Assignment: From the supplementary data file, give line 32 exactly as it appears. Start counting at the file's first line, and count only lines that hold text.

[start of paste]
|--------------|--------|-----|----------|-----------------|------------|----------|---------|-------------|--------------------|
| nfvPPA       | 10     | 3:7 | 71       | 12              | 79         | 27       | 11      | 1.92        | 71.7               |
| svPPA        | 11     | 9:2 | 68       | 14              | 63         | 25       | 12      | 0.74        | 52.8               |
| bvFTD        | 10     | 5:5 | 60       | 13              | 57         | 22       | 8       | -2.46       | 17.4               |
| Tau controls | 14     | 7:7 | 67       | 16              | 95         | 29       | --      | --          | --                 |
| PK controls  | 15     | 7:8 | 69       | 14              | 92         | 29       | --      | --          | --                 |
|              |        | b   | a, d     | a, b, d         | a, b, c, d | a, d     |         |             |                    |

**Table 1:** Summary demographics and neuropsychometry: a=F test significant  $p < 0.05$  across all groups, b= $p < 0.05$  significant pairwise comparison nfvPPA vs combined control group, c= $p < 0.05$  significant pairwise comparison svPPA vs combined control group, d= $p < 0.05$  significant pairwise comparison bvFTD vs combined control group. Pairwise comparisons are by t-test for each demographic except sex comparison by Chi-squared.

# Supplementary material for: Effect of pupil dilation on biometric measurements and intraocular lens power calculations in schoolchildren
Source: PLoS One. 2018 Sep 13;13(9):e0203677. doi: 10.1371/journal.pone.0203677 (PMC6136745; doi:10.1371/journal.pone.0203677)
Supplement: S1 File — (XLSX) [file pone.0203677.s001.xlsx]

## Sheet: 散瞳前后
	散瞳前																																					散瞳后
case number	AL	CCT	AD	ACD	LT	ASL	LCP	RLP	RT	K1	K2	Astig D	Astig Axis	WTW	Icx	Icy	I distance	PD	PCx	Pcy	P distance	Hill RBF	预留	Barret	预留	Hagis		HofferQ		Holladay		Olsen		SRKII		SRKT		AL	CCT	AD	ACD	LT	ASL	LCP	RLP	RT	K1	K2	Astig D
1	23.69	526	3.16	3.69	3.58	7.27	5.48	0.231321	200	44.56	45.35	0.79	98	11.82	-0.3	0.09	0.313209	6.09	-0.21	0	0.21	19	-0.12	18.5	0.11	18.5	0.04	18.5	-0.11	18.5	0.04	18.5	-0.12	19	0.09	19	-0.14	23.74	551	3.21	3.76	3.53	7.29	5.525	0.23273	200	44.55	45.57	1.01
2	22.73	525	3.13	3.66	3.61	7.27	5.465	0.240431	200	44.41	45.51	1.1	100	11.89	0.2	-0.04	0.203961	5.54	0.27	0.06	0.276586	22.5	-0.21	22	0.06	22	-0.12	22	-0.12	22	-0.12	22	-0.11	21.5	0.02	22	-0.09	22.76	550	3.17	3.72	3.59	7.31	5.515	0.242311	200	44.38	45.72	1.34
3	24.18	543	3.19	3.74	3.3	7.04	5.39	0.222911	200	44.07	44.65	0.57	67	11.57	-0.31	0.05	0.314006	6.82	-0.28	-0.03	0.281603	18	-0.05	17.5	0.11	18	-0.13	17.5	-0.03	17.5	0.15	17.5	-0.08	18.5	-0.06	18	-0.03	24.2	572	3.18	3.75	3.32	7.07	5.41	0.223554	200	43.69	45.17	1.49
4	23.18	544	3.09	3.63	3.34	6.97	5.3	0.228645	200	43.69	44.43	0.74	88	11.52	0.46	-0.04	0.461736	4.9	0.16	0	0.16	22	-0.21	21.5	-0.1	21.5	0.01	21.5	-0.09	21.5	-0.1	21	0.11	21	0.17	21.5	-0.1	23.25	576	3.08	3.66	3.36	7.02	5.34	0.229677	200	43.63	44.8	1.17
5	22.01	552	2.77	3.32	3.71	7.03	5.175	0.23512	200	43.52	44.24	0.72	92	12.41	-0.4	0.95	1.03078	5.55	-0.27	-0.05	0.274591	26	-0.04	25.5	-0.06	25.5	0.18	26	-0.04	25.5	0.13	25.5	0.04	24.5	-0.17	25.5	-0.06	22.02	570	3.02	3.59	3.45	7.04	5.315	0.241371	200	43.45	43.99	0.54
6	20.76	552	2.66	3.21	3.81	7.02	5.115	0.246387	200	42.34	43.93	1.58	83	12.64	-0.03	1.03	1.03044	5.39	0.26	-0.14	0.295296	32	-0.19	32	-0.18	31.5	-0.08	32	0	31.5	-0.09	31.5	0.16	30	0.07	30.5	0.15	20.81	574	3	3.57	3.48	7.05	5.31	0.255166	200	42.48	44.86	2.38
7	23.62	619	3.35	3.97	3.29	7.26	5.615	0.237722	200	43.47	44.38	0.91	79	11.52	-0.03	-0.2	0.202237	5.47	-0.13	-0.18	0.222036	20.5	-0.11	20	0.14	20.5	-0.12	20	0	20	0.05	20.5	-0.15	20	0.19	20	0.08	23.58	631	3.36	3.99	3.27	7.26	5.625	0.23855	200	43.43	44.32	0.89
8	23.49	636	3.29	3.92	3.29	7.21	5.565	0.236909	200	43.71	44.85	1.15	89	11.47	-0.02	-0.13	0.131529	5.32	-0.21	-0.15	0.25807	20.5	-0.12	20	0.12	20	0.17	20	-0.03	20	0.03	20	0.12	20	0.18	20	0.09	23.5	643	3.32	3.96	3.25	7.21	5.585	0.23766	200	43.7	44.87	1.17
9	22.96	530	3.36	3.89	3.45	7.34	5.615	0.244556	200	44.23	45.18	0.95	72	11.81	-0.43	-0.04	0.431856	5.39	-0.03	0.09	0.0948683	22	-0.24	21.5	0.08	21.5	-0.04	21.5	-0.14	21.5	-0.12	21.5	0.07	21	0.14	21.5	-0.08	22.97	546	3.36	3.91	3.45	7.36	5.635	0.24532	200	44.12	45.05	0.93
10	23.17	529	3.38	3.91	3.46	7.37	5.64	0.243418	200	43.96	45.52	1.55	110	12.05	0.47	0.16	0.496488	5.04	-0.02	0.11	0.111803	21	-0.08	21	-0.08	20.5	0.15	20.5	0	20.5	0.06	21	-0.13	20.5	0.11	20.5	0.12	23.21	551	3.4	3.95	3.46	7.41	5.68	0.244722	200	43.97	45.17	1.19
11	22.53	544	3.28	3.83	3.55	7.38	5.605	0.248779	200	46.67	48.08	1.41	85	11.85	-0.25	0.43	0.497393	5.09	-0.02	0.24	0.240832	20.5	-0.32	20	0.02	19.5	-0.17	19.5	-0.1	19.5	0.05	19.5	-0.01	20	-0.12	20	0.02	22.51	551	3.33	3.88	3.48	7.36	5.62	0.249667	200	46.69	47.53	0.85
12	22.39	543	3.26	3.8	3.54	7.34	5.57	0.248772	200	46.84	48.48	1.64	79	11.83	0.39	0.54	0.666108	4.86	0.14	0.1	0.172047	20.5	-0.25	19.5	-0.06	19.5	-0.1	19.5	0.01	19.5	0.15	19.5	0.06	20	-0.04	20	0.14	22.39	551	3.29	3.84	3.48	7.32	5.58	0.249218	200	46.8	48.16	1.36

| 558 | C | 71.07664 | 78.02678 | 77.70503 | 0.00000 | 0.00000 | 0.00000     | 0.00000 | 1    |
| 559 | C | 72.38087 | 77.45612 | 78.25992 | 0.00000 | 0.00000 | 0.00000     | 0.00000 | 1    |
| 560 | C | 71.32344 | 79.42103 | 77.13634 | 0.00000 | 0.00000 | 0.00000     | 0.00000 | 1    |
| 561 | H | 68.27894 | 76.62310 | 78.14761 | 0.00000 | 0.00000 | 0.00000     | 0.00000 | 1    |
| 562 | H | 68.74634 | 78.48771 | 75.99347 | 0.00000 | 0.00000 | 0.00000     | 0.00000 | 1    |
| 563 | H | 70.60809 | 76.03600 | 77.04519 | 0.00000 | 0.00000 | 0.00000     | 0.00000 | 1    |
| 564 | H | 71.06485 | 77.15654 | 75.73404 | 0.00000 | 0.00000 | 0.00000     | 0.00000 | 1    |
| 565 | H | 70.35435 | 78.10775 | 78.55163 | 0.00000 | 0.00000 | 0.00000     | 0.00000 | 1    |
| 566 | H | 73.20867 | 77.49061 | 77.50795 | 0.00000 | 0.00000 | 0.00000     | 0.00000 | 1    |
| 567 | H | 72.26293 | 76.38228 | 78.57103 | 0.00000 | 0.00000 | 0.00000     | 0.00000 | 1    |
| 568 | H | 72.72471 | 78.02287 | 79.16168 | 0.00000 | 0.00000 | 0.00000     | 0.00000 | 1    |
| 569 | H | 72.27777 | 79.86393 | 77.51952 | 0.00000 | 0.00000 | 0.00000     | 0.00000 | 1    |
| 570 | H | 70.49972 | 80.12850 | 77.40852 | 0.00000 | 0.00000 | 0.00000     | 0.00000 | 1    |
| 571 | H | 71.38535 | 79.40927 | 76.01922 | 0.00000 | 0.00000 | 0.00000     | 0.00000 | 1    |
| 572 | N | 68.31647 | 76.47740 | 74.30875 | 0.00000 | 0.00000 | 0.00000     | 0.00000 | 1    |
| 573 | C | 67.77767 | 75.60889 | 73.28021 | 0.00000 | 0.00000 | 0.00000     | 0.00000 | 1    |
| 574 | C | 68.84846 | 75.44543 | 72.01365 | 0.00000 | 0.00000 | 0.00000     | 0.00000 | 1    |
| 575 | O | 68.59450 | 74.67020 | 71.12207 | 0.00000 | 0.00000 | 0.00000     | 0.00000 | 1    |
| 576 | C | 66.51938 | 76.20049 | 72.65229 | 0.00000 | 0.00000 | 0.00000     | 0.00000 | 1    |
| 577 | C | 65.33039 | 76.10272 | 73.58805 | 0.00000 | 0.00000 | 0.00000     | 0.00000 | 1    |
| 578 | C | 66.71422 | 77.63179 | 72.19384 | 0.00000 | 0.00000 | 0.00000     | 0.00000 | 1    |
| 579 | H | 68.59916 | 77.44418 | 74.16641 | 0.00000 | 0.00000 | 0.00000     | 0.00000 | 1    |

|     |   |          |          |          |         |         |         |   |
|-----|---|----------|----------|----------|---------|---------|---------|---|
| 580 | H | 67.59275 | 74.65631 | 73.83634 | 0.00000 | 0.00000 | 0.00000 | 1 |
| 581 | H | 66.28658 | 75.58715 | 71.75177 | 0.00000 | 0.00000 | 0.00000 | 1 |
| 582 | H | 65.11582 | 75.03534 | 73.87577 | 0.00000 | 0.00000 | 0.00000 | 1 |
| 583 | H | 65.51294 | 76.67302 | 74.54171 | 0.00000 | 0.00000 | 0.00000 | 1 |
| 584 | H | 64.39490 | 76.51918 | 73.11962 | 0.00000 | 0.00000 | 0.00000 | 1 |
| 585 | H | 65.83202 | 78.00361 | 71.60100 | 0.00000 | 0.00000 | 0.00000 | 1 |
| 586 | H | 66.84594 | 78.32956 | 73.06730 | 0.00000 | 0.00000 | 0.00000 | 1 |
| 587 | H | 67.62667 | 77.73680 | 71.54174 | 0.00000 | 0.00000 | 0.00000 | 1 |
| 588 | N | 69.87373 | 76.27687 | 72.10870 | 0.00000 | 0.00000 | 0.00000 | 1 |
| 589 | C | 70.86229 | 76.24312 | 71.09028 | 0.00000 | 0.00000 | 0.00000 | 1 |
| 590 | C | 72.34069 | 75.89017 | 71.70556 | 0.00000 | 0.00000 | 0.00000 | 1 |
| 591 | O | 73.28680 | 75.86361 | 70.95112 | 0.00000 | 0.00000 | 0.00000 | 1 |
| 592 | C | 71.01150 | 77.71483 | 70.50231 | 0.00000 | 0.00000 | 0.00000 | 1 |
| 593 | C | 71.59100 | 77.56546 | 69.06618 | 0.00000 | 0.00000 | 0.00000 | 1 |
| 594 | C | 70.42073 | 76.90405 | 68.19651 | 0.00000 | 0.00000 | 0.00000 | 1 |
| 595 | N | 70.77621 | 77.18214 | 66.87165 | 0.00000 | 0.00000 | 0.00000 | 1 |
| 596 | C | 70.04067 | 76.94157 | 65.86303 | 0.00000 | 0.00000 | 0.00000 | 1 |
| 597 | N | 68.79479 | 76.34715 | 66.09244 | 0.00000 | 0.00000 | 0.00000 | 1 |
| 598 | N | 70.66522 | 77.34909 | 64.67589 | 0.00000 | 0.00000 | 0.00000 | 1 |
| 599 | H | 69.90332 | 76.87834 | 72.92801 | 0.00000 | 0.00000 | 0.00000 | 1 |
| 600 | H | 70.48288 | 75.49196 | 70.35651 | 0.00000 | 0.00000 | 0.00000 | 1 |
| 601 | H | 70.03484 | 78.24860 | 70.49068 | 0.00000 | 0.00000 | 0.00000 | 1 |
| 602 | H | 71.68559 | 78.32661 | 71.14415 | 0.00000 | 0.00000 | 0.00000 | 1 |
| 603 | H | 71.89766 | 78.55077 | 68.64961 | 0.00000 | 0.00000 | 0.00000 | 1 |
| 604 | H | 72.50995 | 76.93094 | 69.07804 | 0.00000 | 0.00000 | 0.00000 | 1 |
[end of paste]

| 563 | H | 70.60809 | 76.03600 | 77.04519 | 0.00000 | 0.00000 | 0.00000     | 0.00000 | 1    |